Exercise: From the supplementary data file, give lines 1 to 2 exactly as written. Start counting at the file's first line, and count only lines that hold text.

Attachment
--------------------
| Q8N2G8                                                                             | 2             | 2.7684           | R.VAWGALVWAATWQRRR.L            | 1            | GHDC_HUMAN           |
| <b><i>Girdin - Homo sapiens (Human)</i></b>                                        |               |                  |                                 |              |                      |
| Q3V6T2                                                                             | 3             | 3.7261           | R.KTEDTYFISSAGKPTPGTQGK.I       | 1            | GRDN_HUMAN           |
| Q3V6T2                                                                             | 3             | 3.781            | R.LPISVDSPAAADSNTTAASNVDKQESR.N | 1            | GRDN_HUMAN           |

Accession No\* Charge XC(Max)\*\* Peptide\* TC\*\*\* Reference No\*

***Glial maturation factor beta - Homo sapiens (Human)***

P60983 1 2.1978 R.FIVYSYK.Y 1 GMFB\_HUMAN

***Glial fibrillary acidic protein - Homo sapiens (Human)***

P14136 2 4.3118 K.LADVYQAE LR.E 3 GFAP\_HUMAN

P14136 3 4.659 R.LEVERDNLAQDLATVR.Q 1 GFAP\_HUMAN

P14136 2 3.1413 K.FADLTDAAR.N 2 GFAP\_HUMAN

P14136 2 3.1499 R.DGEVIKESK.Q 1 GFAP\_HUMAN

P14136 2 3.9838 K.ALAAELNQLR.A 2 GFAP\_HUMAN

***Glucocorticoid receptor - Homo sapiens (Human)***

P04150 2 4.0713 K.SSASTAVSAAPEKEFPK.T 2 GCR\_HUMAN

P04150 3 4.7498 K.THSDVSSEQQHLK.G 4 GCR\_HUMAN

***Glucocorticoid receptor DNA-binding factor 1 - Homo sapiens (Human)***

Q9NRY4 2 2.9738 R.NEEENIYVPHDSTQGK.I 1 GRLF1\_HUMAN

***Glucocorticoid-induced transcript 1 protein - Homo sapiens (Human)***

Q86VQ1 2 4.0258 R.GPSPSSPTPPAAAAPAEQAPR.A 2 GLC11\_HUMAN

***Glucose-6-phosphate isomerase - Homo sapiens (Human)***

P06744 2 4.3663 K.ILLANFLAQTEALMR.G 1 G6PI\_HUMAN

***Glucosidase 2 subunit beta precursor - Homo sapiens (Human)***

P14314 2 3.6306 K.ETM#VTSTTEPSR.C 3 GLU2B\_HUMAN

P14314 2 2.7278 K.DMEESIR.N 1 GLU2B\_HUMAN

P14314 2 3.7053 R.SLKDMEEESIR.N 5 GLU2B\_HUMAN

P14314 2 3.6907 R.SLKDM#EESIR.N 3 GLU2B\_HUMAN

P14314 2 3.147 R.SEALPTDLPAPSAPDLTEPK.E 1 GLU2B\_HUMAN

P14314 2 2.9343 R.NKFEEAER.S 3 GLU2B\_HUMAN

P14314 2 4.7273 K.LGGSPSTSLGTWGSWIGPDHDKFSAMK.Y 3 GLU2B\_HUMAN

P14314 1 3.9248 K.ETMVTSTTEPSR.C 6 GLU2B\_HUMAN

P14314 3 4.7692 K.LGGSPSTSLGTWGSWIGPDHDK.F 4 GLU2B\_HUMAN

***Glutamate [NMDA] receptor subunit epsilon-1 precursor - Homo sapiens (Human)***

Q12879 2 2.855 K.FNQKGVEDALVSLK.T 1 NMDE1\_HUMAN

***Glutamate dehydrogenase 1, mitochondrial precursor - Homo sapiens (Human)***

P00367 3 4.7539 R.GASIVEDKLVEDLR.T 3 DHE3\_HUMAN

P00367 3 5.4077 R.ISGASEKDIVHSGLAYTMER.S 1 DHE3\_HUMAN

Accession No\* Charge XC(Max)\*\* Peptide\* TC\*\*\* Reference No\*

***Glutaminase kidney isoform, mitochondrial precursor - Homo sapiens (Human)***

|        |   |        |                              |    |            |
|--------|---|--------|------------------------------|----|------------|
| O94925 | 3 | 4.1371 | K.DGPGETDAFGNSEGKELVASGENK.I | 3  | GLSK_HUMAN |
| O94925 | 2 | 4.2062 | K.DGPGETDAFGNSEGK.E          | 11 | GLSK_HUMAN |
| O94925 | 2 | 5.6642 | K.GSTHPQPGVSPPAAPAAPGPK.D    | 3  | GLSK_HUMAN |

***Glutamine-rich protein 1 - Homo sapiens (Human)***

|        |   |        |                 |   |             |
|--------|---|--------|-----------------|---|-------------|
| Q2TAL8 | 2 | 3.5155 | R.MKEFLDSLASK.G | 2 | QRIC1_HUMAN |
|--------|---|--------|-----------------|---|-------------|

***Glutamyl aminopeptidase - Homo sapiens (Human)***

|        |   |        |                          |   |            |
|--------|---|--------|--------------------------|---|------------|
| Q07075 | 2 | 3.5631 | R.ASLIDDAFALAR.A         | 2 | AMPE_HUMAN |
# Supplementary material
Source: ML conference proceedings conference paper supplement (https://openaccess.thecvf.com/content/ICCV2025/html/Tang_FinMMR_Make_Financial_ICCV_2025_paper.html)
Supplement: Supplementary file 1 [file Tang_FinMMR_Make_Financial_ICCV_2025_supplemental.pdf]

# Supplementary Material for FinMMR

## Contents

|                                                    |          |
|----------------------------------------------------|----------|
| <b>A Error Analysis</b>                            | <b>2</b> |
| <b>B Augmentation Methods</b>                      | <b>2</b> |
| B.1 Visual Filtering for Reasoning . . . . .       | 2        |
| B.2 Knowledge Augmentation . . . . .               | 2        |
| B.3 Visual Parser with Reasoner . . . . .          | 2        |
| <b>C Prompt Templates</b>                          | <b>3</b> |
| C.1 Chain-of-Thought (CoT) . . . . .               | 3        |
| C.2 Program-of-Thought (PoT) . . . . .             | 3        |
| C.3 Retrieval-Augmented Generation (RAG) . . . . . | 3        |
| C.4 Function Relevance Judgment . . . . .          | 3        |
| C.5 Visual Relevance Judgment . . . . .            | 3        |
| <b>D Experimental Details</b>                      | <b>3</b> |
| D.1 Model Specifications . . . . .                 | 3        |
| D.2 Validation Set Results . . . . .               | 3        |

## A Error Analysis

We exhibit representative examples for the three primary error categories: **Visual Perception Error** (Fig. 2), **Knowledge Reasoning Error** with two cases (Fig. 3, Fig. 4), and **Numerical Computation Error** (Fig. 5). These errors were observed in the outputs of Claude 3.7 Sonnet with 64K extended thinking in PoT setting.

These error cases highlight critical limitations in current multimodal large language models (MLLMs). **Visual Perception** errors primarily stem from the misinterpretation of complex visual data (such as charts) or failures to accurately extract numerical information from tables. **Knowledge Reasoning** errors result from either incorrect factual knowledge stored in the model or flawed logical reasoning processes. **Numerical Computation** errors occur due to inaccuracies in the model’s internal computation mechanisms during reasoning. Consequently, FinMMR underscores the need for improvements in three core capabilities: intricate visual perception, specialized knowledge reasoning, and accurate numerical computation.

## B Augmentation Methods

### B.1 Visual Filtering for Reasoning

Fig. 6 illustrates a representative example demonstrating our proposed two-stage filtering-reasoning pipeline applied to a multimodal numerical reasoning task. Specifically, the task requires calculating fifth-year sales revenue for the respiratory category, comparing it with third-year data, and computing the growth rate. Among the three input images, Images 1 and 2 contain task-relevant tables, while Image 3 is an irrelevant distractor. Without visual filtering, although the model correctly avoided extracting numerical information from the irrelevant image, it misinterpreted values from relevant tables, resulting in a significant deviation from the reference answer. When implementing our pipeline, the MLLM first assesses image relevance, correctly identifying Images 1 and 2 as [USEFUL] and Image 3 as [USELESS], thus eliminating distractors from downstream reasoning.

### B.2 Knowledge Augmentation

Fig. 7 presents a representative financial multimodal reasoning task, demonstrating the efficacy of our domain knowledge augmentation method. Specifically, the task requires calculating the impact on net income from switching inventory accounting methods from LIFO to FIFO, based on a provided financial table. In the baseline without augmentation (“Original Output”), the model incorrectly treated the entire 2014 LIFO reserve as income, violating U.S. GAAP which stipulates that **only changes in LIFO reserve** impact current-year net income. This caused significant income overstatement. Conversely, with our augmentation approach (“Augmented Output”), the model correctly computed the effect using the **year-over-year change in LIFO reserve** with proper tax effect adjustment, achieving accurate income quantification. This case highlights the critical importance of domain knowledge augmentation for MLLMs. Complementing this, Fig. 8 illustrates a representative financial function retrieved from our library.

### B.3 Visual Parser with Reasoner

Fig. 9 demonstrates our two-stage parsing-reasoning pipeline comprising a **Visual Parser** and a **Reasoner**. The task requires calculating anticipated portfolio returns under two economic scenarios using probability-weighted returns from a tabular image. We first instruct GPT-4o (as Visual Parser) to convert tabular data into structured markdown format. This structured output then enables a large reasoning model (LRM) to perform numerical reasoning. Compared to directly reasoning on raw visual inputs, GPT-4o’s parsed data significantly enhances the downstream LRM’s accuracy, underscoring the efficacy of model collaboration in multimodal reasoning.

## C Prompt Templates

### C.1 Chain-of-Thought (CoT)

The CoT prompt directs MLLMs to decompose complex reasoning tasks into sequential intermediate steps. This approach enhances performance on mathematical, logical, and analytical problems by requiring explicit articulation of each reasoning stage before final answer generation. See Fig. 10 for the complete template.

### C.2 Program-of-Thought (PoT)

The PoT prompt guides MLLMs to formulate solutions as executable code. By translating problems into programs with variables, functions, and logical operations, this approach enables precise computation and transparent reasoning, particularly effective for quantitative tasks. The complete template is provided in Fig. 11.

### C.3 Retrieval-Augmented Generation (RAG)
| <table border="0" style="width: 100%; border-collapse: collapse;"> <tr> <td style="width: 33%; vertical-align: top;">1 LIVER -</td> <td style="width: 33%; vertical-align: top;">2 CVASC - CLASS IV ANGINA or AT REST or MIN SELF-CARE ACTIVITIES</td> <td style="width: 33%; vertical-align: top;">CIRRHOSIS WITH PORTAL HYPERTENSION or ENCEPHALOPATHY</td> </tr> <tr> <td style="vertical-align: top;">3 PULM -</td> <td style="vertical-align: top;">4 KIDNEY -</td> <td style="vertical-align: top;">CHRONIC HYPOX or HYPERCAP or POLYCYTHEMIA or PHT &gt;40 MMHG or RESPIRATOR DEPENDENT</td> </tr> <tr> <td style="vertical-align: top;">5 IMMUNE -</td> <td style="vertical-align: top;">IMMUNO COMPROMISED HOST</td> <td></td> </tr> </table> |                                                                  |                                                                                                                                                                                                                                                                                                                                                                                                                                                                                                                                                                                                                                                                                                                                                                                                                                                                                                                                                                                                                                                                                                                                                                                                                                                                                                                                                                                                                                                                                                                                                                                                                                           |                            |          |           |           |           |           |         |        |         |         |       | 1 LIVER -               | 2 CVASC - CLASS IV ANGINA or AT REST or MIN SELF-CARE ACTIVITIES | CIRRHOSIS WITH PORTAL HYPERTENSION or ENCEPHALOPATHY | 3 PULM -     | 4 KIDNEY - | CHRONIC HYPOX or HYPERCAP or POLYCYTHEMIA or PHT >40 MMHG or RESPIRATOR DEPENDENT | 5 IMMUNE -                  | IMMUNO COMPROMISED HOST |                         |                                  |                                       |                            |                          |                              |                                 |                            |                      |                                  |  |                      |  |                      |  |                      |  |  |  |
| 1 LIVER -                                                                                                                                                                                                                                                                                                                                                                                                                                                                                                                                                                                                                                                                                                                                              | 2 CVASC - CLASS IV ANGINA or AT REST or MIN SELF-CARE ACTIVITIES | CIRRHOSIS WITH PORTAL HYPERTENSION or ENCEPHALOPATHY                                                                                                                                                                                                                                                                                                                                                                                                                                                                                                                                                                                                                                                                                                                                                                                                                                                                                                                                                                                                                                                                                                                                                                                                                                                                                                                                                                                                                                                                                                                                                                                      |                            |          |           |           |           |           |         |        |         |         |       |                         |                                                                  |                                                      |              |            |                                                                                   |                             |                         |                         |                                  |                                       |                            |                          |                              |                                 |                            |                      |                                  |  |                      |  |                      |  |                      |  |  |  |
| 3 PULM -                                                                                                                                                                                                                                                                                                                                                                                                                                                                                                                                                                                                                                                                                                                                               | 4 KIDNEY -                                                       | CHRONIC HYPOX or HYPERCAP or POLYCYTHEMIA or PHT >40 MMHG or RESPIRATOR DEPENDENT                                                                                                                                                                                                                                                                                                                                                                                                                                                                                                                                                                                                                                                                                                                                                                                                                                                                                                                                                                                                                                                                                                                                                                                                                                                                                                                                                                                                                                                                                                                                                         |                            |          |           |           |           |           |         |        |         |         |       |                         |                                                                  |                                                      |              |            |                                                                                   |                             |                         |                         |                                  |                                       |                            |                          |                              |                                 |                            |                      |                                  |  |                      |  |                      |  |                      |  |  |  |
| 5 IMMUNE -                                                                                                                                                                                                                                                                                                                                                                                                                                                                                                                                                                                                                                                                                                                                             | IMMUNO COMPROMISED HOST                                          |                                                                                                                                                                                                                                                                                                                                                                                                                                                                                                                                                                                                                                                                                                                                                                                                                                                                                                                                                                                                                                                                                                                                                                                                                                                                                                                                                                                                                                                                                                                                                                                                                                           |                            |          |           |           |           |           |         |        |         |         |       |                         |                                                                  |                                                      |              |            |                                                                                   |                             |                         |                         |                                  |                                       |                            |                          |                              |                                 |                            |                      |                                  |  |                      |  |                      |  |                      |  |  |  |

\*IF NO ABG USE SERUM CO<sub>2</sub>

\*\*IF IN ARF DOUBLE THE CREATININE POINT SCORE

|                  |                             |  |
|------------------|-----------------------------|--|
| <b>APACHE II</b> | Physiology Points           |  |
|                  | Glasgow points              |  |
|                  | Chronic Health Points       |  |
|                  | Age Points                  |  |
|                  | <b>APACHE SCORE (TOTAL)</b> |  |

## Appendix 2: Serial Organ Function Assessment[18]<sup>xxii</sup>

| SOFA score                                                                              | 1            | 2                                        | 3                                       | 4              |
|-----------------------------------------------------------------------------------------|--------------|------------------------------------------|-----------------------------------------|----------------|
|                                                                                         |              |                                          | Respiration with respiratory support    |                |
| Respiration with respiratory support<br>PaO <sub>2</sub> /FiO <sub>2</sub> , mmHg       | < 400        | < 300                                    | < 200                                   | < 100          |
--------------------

| Q8N2G8                                                                             | 2             | 2.7684           | R.VAWGALVWAATWQRRR.L            | 1            | GHDC_HUMAN           |
| <b><i>Girdin - Homo sapiens (Human)</i></b>                                        |               |                  |                                 |              |                      |